Please use this identifier to cite or link to this item: http://docs.prosentient.com.au/prosentientjspui/handle/1/10642
Title: Exploring the reliability and acceptability of cognitive tests for Indigenous Australians: a pilot study.
Authors: Dingwall, Kylie M
Gray, Allison O
McCarthy, Annette R
Delima, Jennifer F
Bowden, Stephen C
Affiliation: Menzies School of Health Research, Institute of Advanced Studies, Charles Darwin University, PO Box 4066, Alice Springs, NT, 0871, Australia. Kylie.dingwall@menzies.edu.au..
Menzies School of Health Research, Institute of Advanced Studies, Charles Darwin University, PO Box 4066, Alice Springs, NT, 0871, Australia..
Menzies School of Health Research, Institute of Advanced Studies, Charles Darwin University, PO Box 4066, Alice Springs, NT, 0871, Australia..
Alice Springs Hospital, PO Box 2234, Alice Springs, NT, 0871, Australia..
University of Melbourne, Melbourne, VIC, 3010, Australia..
Issue Date: 2-Aug-2017
Citation: BMC psychology 2017-08-02; 5(1): 26
Abstract: Reliable cognitive assessment for Indigenous Australians is difficult given that mainstream tests typically rely on Western concepts, content and values. A test's psychometric properties should therefore be assessed prior to use in other cultures. The aim of this pilot study was to examine the reliability and acceptability of four cognitive tests for Australian Aboriginal people. Participants were 40 male and 44 female (N = 84) Aboriginal patients from Alice Springs Hospital. Four tests were assessed for reliability and acceptability - Rowland Universal Dementia Assessment Screen (RUDAS) (n = 19), PEBL Corsi Blocks (Corsi) (n = 19), Story Memory Recall Test (SMRT) (n = 17) and a CogState battery (n = 18). Participants performed one to three of the tests with repeated assessment to determine test-retest reliability. Qualitative interviews were conducted and analysed based on an adapted phenomenological approach to explore test acceptability. An Indigenous Reference Group gave advice and guidance. Intra-class correlations (ICC) for test retest reliability ranged from r = 0.58 (CogState One Back accuracy) to 0.86 (RUDAS). Themes emerged relating to general impressions, impacts on understanding and performance, appropriateness, task preferences and suggested improvements. RUDAS, CogState Identification task, and SMRT showed the highest reliabilities. Overall the tests were viewed as a positive challenge and an opportunity to learn about the brain despite provoking some anxiety in the patients. Caveats for test acceptability included issues related to language, impacts of convalescence and cultural relevance.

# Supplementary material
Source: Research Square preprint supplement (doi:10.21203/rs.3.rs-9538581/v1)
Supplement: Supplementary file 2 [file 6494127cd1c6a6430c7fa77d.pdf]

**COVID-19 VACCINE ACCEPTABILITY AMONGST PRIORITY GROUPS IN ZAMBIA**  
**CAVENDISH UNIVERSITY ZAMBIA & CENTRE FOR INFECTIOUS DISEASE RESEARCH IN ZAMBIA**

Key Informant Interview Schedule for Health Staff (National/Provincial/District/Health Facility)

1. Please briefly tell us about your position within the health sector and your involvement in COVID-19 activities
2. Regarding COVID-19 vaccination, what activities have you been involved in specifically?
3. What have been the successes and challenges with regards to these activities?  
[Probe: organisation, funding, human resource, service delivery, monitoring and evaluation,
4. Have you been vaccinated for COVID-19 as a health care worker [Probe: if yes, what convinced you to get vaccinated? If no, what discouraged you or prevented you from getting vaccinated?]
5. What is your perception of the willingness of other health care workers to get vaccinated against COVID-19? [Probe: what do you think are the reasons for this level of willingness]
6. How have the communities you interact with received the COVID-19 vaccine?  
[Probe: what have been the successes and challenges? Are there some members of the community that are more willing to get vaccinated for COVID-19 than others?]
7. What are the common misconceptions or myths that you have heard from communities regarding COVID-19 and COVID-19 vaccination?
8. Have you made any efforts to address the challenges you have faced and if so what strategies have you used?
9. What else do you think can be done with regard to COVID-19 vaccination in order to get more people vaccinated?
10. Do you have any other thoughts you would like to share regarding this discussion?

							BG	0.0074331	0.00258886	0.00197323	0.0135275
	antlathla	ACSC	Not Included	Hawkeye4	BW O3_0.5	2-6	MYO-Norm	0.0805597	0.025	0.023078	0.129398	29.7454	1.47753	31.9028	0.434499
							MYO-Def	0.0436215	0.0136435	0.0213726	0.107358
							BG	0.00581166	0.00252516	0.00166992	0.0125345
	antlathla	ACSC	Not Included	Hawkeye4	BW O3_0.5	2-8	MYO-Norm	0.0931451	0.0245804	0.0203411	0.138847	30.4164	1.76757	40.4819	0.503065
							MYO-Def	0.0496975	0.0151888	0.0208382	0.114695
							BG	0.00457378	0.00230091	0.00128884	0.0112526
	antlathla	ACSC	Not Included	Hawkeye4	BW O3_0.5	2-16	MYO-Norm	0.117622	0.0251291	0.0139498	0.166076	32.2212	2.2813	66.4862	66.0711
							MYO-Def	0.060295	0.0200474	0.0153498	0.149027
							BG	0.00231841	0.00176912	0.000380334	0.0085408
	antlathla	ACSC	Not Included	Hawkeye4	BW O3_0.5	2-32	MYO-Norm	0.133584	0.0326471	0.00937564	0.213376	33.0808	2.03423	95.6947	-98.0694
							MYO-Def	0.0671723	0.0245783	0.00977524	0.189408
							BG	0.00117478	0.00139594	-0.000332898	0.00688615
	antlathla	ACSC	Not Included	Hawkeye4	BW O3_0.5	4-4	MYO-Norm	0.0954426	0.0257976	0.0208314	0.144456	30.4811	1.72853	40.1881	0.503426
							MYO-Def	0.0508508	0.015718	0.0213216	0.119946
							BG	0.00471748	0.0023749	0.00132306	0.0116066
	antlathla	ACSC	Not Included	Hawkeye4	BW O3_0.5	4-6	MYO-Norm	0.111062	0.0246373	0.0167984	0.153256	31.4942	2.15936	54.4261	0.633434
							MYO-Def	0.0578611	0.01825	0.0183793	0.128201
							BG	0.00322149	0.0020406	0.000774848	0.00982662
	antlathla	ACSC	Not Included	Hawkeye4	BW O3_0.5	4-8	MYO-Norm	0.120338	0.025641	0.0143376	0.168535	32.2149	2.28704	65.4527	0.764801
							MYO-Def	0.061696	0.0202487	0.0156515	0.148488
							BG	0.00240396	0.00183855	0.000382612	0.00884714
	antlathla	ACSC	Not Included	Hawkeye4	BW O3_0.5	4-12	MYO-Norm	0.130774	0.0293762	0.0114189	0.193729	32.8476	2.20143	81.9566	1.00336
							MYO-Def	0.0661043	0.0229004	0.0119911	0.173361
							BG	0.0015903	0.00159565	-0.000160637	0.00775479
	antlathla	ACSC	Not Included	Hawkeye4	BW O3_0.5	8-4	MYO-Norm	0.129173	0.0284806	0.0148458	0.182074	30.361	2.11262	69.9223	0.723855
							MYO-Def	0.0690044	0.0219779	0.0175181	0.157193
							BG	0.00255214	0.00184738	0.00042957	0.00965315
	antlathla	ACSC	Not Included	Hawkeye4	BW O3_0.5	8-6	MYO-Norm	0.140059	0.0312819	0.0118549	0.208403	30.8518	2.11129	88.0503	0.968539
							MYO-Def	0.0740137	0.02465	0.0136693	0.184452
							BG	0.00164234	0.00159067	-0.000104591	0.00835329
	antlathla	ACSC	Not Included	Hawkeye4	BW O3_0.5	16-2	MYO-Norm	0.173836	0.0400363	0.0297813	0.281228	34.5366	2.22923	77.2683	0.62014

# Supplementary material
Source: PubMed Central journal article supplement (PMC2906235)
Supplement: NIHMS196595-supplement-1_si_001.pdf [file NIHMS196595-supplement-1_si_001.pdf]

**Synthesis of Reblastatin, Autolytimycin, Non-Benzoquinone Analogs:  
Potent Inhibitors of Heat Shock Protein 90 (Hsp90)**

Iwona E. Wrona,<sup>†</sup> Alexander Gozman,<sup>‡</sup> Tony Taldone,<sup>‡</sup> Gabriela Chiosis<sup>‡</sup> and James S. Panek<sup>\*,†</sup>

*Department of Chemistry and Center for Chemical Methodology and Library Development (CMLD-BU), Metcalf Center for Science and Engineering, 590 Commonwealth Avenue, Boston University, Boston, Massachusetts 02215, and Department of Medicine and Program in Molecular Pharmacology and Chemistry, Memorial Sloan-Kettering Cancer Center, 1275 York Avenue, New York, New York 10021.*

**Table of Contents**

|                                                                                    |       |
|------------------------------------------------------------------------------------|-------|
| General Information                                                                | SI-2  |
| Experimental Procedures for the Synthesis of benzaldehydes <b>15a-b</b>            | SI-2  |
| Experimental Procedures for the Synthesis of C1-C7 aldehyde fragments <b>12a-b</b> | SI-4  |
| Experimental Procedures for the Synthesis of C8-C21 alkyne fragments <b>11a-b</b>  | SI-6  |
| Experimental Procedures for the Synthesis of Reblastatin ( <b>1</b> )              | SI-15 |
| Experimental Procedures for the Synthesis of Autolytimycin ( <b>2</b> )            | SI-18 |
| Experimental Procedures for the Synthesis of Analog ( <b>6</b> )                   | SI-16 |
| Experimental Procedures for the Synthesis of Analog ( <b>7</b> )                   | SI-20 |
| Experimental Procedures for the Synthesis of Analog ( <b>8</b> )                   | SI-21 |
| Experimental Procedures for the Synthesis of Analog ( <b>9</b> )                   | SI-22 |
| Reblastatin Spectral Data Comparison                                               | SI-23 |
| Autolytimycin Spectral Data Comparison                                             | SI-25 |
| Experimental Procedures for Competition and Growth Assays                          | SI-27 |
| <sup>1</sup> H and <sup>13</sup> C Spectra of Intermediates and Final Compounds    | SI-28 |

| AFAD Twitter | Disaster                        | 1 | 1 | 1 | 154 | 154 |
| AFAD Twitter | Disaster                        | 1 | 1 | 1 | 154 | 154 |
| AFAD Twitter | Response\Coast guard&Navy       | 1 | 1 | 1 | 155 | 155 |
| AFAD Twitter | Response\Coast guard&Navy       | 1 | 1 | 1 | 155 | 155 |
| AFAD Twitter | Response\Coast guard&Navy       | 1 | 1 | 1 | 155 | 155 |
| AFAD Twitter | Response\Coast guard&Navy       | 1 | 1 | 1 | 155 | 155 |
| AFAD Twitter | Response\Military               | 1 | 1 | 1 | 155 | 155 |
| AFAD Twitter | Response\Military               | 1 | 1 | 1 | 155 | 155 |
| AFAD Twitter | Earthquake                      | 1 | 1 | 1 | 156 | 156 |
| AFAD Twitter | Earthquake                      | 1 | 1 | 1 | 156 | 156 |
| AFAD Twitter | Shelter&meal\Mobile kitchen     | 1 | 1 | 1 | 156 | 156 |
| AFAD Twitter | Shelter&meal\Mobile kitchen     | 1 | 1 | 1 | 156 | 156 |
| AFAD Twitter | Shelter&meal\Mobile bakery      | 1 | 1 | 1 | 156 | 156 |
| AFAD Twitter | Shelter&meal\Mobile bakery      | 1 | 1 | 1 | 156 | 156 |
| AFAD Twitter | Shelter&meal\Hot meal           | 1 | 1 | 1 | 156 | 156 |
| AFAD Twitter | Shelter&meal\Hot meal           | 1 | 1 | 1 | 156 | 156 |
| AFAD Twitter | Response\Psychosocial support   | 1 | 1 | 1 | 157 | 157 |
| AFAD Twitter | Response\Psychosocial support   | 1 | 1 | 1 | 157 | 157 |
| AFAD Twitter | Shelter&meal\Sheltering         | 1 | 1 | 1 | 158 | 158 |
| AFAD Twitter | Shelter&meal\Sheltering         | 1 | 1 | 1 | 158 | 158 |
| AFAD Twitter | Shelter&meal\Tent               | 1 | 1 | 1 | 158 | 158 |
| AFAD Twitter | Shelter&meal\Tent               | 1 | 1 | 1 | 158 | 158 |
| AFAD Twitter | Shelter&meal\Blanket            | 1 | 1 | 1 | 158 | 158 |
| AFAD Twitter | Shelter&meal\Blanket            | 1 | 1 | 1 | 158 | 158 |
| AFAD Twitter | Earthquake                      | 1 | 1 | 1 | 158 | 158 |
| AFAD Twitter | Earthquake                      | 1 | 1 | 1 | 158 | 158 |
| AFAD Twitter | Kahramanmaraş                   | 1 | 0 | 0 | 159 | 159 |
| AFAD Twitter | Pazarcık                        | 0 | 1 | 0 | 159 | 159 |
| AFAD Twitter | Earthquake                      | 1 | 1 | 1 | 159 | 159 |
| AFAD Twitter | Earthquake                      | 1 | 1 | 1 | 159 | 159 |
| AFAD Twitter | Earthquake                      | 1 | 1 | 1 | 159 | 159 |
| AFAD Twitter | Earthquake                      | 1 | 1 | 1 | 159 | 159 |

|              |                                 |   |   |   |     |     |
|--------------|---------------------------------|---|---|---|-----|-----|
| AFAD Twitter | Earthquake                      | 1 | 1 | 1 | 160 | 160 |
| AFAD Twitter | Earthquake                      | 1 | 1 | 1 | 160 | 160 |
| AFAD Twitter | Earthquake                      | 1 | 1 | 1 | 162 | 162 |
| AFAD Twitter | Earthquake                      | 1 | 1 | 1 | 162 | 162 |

URI: http://docs.prosentient.com.au/prosentientjspui/handle/1/10642
DOI: 10.1186/s40359-017-0195-y
Type: Journal Article
Subjects: Aboriginal
Cognition
Cognitive testing
Cross-cultural
Indigenous
Adult
Australia
Female
Humans
Language
Male
Middle Aged
Pilot Projects
Reproducibility of Results
Cognition
Neuropsychological Tests
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